history of both of migraine and a rare sleep disorder. Family members
had a mutated gene that Shapiro and his colleagues were able to identify
and that they suspected might be linked to both conditions. When that
mutated gene was implanted in a line of mice, the mice litters exhibited
features associated both with migraine and the sleep disorder.
Might this gene discovery lead to development of treatment or prevention?
"We're quite a ways from that. How far away it's hard to say,"
Shapiro said, "but the advantage here is, this is the first gene among
the genes that have been found for migraine that isn't a code for a
structural protein ... it's actually a regulator of other proteins."
Just one class of FDA-approved drugs, including sumatriptan, has
been developed specifically to treat acute migraine, he said, but
medications used for prevention were all developed for other purposes.
One reason there aren't more targeted medications, he said, is that most
drug development by pharmaceutical companies is sparked by findings of
publicly funded research - research that is sorely lacking in the case
Six years ago, Shapiro
founded Alliance for Headache Disorders Advocacy, a consortium of 12
nonprofit organizations concerned with headache disorders. The aim is to
push for policies that will lead to improved treatment - more funding
for research from the National Institutes of Health, for example.
That has been a major thrust of an event the alliance has staged in
Washington every year, known as Headache on the Hill, which brings
doctors, other caregivers and headache sufferers from all around the
country to lobby Congress.
"I know a lot of members of
Congress have migraine," he said. "You cannot be very public about it."
Why? Admitting you have a disabling condition can be "a career-killer."
Rep. Michele Bachmann's campaign last year for the Republican
presidential nomination, whatever its other challenges, was not enhanced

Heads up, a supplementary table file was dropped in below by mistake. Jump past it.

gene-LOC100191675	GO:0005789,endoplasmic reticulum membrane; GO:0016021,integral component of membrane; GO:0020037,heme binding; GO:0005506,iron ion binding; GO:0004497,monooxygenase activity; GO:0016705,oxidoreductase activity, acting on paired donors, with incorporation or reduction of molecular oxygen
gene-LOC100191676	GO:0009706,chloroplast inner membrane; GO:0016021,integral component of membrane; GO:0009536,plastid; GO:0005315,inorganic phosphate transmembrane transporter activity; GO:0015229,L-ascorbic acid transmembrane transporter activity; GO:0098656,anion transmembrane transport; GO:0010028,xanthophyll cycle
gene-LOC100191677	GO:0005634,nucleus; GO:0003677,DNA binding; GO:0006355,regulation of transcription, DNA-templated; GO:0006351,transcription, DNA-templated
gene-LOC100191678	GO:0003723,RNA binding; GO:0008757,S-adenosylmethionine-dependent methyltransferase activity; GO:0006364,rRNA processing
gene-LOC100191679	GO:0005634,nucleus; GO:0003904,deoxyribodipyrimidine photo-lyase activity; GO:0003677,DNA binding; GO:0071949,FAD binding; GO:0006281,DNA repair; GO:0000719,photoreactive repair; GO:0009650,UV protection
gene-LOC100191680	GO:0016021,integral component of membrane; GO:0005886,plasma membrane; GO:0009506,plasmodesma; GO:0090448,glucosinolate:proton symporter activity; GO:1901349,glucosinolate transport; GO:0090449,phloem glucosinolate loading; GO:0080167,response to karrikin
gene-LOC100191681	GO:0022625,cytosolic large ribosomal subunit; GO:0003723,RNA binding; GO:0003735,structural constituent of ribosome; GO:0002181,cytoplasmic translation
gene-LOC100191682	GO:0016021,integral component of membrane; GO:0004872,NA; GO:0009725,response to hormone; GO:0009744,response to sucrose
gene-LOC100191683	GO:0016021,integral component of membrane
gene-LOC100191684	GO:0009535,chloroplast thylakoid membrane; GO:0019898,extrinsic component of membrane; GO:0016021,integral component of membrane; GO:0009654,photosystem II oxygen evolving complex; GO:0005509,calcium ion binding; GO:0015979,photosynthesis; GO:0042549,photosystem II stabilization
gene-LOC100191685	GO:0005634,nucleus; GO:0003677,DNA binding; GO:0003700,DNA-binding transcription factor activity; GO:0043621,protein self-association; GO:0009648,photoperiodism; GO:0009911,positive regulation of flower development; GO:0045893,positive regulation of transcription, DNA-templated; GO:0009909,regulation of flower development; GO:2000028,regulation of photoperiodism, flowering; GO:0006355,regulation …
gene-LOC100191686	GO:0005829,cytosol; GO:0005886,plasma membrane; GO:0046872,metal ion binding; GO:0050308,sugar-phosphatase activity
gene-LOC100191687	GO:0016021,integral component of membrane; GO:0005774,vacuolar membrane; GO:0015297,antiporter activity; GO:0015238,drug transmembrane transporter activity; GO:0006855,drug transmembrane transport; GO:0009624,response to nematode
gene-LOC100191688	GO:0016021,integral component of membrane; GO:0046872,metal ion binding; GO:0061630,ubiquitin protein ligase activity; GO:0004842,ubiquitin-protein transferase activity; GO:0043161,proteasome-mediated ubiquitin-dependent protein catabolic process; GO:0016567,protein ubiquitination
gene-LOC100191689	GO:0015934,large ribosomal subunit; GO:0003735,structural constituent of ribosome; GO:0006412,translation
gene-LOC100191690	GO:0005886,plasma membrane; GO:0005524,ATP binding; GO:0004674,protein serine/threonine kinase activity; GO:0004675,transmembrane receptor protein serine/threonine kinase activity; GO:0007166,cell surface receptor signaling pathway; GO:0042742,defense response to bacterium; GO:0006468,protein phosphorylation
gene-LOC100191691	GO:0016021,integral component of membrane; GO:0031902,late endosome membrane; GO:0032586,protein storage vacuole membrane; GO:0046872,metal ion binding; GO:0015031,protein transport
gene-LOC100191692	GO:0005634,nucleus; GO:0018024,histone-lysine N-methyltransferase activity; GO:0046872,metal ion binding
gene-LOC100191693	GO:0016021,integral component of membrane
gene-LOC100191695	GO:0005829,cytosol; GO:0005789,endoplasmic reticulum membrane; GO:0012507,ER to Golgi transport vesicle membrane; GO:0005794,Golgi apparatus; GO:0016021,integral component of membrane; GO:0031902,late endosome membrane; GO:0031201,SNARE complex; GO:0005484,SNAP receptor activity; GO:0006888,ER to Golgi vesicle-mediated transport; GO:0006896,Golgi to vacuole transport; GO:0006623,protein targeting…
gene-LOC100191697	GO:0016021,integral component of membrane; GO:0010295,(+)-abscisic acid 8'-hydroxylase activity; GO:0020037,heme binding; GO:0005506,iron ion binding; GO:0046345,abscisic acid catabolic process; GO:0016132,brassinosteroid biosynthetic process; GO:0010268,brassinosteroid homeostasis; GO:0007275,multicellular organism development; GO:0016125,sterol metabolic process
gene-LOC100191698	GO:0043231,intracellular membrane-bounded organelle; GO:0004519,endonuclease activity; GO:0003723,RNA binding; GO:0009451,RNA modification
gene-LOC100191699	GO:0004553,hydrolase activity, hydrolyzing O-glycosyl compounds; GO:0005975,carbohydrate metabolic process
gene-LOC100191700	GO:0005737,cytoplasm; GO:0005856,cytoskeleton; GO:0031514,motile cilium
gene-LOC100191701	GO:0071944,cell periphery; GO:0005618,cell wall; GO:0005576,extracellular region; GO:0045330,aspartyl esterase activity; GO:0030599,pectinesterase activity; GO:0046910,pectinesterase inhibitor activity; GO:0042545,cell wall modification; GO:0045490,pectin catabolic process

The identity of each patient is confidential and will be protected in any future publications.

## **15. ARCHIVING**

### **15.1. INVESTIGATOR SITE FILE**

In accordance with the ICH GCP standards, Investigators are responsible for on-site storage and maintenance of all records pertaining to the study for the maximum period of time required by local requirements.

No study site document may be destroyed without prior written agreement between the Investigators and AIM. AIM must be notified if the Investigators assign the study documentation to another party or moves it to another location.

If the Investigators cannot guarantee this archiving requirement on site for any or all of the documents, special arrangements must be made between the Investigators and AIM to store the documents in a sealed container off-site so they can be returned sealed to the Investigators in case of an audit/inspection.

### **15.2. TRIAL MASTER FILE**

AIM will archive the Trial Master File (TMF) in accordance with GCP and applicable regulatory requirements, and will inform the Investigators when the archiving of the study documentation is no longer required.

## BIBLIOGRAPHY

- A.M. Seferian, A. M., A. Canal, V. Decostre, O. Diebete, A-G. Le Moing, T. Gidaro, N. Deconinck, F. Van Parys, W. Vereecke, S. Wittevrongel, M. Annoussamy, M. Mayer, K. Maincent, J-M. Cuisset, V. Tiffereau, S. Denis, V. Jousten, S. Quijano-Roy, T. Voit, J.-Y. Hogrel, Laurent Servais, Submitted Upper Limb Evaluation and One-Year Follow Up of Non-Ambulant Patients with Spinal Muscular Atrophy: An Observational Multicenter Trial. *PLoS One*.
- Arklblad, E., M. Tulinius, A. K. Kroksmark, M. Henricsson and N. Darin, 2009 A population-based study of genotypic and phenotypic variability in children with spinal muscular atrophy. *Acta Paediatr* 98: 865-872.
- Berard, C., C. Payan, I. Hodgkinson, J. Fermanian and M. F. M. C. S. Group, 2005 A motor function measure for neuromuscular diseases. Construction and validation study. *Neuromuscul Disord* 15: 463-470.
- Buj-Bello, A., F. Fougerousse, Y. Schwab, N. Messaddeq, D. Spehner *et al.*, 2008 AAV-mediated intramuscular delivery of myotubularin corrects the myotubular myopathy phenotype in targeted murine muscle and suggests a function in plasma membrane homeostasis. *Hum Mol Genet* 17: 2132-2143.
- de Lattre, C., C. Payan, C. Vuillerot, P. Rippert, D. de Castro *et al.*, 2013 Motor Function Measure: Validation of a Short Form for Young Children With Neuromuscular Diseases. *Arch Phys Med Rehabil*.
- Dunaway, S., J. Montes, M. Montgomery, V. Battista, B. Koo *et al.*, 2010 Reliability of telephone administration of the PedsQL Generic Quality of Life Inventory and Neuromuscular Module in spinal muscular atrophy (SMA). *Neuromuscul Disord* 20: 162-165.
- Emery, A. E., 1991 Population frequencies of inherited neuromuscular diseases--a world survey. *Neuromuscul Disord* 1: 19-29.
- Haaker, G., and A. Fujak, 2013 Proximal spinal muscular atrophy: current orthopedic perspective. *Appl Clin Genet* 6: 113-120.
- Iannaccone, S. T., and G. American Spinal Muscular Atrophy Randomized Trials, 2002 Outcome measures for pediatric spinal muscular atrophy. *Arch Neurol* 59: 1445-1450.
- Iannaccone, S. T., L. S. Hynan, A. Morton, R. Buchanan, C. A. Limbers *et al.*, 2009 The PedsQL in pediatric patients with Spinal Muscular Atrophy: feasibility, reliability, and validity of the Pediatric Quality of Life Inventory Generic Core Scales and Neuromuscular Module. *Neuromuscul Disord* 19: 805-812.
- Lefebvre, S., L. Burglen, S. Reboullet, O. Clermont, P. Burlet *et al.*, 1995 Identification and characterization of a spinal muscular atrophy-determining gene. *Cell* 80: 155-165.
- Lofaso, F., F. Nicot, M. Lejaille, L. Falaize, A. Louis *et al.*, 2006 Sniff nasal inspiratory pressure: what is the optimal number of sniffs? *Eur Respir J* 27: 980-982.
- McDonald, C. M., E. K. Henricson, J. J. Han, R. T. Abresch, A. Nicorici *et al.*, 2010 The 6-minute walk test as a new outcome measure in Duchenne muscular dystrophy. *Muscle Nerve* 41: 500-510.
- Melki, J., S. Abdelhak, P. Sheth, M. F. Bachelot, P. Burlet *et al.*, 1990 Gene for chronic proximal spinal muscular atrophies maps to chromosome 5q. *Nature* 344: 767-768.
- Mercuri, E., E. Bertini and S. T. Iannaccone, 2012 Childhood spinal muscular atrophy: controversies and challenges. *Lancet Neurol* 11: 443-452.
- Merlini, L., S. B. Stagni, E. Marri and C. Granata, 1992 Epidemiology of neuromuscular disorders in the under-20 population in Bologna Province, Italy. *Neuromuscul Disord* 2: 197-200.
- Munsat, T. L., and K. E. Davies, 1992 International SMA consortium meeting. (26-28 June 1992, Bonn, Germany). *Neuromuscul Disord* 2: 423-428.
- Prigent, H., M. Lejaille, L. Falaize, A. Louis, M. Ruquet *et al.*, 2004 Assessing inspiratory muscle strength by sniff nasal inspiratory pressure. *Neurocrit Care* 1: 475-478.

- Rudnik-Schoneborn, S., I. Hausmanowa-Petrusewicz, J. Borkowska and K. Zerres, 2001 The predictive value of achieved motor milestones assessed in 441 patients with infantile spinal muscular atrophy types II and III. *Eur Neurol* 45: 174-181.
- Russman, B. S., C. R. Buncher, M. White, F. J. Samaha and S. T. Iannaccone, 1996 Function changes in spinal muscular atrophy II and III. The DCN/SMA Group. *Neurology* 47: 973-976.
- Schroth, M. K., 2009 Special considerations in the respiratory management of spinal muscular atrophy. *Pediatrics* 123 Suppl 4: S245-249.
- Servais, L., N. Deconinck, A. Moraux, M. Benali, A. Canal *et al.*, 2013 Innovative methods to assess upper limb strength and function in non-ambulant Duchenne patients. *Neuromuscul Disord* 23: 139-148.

by her acknowledgment that she suffered from migraine.
believe there will come a point, hopefully soon, when it will dawn on
enough members of Congress where they will realize they can be a hero by
pushing on an open door and saying, we have a problem that we can help
Migraine isn't the only neglected condition, he said.
"Cluster headache is a good case in point," he said. "Cluster
headache is widely regarded as the most severe pain a human can
experience - that's not hyperbole. It has a population prevalence that's
approximately the same as multiple sclerosis."
past decade, Shapiro said, NIH has directed $1.872 billion to multiple
sclerosis research, which he said is warranted. By contrast, less than
$2 million has gone to cluster headaches over the last 25 years. "It's
completely invisible," he said.
The advocacy campaign has
yet to bear much fruit at NIH. True, funding for headache research rose
26 percent from 2010 to 2012, to $24 million, but that's still less than
0.1 percent of NIH's budget and below what it should be, in Shapiro's
In a phone interview, Linda Porter, pain policy
adviser at NIH, pointed to the increase in headache research funding but
added that "we totally recognize that headaches need more funding." The
challenges are, she said, that NIH budgets have been flat and the
headache research community is a small one.
First Coast News